From Figure 11 we can see the evolution of wage growth through the last two decades, throughout the recessions 2000 and 2008. Here we notice the “nirvana” of the 90’s with wage growth at 5%. After 2008 they fall off the cliff and they don’ t recover until the final lift final in the last months. Yellen’ s hope is that re-bounce in wage growth, suggesting a strengthening labour market, is happening consistently and quickly enough so that to justify a gradual path through removing policy accommodation as the economy makes progress moving toward neutral. In fact, an acceleration in wage growth would mean that the employment is about hit its maximum sustainable level.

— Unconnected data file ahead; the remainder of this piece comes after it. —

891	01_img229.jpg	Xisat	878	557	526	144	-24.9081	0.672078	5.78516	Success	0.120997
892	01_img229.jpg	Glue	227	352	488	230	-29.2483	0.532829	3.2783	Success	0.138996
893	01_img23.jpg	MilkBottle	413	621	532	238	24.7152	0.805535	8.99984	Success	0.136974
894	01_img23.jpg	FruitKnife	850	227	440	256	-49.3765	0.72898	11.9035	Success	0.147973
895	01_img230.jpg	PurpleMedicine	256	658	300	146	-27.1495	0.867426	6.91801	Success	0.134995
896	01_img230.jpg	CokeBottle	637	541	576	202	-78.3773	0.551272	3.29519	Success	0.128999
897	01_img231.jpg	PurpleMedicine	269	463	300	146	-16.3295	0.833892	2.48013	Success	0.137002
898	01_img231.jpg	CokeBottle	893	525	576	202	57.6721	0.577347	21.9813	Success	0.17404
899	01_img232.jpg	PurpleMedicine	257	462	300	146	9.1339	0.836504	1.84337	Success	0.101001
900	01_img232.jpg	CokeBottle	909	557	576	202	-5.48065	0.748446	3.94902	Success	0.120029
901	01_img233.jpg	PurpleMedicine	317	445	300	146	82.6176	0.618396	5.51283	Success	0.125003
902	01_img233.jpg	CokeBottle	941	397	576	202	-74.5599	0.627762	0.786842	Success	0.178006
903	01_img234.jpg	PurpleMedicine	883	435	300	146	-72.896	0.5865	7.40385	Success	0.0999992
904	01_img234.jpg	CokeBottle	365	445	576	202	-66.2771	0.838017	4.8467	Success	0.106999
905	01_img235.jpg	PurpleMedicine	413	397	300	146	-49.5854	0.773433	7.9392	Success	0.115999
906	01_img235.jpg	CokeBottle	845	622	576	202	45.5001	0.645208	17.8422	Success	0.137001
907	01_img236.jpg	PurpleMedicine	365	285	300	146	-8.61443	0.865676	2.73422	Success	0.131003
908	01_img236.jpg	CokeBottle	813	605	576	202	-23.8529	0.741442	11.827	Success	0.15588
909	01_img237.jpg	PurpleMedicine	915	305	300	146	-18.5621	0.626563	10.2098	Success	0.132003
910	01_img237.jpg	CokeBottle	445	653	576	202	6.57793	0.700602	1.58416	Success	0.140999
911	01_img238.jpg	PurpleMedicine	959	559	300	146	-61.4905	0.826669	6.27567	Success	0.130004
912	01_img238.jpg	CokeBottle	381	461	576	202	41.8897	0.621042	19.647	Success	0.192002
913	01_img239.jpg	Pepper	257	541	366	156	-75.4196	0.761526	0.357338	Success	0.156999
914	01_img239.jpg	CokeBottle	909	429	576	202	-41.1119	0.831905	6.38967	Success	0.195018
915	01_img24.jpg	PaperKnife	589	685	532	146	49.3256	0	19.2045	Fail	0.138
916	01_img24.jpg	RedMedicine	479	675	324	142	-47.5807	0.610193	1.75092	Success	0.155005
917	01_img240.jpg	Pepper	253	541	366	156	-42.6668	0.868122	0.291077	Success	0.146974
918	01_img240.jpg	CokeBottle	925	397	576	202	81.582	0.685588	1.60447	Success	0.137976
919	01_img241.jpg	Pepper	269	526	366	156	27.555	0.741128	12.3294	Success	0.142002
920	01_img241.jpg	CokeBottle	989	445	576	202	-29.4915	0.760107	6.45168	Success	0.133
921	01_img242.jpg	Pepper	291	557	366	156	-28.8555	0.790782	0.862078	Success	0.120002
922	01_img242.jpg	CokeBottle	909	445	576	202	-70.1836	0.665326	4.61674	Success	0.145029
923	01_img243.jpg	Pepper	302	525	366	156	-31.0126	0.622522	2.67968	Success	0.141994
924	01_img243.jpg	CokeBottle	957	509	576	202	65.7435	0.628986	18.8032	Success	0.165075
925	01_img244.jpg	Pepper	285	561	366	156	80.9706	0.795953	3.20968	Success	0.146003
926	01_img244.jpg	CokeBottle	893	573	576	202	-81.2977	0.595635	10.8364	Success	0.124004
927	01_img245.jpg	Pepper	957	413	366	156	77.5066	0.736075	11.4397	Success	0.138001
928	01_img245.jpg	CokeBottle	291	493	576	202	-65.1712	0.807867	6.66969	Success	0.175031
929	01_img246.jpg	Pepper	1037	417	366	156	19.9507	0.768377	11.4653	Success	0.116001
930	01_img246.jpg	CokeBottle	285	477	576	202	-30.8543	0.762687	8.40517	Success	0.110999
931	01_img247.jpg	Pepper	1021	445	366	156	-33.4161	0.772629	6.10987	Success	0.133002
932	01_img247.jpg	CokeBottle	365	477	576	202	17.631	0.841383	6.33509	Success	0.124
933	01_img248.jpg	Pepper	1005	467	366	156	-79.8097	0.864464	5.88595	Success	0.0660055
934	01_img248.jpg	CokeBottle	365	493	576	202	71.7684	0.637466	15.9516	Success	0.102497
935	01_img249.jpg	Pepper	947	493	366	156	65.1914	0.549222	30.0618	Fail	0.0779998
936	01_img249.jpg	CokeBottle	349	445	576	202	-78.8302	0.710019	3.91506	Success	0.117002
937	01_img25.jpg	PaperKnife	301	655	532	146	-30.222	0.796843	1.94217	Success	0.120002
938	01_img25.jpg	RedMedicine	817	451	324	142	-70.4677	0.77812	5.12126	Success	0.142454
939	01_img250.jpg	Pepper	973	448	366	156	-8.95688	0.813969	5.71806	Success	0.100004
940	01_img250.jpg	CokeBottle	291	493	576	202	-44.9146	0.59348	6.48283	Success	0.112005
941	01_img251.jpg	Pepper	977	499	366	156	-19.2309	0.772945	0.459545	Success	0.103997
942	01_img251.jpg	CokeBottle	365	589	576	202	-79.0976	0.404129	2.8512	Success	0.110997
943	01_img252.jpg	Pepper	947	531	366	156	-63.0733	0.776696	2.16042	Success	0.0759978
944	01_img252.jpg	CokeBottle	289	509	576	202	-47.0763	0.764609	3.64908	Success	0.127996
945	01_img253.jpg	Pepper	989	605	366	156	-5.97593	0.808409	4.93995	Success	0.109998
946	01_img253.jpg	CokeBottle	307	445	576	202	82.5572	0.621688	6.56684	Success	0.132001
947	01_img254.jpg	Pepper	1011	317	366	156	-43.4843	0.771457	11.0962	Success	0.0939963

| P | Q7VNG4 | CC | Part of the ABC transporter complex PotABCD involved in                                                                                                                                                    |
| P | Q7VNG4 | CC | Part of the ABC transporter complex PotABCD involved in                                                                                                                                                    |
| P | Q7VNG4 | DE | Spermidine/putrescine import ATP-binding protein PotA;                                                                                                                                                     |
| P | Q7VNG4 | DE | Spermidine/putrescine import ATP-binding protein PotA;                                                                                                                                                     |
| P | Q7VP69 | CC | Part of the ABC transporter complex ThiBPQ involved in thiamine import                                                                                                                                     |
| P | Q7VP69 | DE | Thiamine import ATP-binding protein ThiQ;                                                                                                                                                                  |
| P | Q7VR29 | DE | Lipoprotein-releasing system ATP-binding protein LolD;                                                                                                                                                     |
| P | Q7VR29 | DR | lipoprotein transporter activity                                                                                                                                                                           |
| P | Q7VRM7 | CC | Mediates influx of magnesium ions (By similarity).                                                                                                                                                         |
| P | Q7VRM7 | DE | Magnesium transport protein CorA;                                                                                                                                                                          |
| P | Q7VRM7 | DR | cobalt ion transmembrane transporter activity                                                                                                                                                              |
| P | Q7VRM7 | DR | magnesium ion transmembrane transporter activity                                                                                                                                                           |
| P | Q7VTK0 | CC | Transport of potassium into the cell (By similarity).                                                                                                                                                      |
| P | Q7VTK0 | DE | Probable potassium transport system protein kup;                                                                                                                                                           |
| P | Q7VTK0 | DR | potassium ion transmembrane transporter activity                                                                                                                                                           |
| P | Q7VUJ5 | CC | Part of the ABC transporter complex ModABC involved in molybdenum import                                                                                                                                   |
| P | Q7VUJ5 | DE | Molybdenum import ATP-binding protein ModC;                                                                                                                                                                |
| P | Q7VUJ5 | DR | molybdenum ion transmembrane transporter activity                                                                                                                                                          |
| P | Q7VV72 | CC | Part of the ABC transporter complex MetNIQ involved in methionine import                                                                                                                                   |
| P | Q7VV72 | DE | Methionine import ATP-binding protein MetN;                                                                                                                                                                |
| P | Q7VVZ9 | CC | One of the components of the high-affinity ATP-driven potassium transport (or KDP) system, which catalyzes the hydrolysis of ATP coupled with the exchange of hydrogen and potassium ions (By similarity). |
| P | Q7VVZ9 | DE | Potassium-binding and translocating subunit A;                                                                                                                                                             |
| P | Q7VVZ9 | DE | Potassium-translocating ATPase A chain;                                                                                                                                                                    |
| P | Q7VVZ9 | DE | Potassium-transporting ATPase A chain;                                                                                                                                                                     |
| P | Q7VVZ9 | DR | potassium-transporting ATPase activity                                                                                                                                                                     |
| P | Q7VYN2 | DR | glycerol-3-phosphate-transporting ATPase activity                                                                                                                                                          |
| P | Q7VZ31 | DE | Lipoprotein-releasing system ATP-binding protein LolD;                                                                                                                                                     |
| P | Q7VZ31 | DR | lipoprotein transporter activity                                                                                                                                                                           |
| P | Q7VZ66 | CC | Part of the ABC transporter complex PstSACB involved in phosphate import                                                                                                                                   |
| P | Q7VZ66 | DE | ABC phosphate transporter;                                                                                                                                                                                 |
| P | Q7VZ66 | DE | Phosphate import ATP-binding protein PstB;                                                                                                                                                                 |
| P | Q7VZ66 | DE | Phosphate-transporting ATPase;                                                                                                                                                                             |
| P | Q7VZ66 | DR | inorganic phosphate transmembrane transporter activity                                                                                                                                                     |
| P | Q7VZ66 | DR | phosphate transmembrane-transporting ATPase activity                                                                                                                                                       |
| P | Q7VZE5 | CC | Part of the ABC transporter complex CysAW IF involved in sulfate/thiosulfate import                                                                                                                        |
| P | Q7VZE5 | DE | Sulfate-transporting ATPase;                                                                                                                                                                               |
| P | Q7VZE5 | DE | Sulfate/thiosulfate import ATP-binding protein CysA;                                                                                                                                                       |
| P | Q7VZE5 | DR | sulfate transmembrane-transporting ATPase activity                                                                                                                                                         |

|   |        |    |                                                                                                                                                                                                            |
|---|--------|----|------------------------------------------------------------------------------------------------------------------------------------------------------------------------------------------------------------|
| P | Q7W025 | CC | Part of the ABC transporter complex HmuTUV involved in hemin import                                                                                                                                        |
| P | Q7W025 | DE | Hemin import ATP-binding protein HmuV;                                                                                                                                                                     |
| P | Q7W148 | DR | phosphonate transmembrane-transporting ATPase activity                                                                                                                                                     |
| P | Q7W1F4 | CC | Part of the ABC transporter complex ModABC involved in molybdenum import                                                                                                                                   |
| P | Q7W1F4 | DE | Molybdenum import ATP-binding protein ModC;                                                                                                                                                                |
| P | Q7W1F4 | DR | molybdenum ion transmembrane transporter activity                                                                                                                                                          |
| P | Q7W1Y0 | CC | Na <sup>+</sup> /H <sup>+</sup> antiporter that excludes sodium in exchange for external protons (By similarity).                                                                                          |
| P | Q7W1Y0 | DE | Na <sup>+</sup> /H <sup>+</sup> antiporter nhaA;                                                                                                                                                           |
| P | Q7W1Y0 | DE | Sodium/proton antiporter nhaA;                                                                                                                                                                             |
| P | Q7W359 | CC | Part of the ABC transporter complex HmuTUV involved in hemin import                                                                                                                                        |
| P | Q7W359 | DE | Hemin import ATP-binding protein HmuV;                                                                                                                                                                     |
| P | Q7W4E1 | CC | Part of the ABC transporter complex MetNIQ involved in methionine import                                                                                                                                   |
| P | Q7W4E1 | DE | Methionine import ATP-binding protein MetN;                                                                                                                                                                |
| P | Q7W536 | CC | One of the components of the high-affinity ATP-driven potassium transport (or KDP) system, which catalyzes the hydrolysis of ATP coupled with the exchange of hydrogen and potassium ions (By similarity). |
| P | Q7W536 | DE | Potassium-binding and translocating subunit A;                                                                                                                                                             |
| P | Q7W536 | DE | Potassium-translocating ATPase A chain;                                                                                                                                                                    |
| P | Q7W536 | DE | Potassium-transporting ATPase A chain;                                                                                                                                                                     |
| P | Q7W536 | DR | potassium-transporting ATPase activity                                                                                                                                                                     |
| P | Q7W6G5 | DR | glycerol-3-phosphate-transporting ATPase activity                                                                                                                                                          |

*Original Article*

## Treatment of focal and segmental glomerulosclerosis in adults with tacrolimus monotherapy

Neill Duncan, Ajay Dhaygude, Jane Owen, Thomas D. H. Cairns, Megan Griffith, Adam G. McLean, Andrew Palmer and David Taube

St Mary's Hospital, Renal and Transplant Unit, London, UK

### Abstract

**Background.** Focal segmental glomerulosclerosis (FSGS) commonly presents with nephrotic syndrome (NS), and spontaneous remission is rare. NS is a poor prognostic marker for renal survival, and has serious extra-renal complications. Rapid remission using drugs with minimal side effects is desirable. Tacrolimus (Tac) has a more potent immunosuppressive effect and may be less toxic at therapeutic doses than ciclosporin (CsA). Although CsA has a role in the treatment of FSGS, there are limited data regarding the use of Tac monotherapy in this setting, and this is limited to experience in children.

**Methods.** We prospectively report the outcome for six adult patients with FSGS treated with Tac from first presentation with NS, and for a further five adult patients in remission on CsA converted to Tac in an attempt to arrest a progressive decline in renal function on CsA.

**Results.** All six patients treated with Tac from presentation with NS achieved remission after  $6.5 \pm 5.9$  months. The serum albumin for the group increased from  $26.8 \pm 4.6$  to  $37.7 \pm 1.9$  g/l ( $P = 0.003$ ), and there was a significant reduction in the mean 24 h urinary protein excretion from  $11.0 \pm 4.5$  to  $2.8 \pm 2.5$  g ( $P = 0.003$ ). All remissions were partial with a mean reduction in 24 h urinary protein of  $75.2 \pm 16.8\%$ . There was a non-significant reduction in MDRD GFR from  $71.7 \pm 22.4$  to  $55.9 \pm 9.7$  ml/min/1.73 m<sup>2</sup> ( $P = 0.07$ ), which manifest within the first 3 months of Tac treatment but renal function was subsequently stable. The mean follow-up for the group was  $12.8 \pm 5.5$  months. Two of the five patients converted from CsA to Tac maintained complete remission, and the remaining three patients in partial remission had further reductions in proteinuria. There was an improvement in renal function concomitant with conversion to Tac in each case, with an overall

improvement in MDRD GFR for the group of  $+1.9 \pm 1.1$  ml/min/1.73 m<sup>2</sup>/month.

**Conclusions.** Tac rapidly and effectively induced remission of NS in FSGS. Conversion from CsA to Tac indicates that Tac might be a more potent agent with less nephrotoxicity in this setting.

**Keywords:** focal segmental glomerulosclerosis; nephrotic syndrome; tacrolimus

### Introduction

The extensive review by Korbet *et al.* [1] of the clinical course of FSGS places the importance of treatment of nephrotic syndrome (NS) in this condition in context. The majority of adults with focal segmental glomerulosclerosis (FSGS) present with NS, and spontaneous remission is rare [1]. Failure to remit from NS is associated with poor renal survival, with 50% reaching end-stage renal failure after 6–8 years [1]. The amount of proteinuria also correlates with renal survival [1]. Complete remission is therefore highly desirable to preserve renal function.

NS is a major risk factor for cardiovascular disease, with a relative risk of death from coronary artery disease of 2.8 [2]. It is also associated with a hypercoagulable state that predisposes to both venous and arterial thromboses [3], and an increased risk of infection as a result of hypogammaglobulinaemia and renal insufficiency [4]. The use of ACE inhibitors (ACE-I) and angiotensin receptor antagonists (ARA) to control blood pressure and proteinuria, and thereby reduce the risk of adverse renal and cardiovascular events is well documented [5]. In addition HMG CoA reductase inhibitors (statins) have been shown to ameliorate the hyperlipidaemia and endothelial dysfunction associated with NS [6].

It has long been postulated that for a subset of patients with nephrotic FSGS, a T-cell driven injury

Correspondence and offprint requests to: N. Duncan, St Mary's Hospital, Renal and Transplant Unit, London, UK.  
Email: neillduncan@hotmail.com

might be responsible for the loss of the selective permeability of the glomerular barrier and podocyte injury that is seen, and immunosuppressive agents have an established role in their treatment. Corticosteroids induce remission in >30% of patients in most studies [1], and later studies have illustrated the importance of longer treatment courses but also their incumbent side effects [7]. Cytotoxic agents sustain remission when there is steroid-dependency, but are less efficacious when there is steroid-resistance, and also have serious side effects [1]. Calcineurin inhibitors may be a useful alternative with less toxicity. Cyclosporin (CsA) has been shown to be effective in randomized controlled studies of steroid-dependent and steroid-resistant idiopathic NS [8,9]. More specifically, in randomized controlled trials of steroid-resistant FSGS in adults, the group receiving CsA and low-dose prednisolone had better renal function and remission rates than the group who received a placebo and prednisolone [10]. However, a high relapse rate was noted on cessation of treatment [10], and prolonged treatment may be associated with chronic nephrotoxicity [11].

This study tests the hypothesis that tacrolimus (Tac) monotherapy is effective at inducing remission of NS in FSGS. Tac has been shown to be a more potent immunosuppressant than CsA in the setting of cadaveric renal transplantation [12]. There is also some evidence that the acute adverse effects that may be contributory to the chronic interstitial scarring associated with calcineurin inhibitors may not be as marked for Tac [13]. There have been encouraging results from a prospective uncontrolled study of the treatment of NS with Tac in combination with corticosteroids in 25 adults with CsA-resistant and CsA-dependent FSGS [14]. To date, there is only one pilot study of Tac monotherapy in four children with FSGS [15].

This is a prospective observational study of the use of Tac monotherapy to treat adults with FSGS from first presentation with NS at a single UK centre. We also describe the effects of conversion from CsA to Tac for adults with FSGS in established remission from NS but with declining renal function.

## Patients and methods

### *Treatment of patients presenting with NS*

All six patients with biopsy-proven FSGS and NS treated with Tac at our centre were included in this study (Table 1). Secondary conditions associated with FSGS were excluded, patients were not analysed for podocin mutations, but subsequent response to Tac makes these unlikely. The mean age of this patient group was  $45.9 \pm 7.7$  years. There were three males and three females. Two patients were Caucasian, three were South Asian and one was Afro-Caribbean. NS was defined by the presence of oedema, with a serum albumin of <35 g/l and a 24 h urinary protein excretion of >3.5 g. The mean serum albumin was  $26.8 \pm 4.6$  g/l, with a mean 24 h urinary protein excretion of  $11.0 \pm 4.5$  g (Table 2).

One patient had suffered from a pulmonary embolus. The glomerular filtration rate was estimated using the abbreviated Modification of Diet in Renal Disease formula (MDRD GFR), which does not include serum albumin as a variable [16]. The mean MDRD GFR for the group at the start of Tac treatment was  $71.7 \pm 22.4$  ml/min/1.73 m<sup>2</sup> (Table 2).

But the FED knows it must be cautious and seems to accelerating the number and magnitude of rate hikes in the foreseeable future to prevent the economy from overheating. If this occurs, in fact, conventionally the inflation rate has to be reduced to more acceptable levels, enduring a difficult recessionary period during which the unemployment rate exceeds the natural rate, just what has happened in the 2000 in Japan. The main obstacle for monetary policy is the measurement of the natural rate of unemployment itself. If we would be able to measure the natural rate with certainty, the FED would have clear ideas, so that if the unemployment rate fell below the natural rate, the Federal Reserve would engage a restrictive policy; if the unemployment rate rose above the natural rate, the FED would start an expansionary policy. Unfortunately, the natural rate cannot be known with certainty and therefore must be estimated. Problem is that there are as many different natural rate’ s estimates as there are different econometric models to estimate it.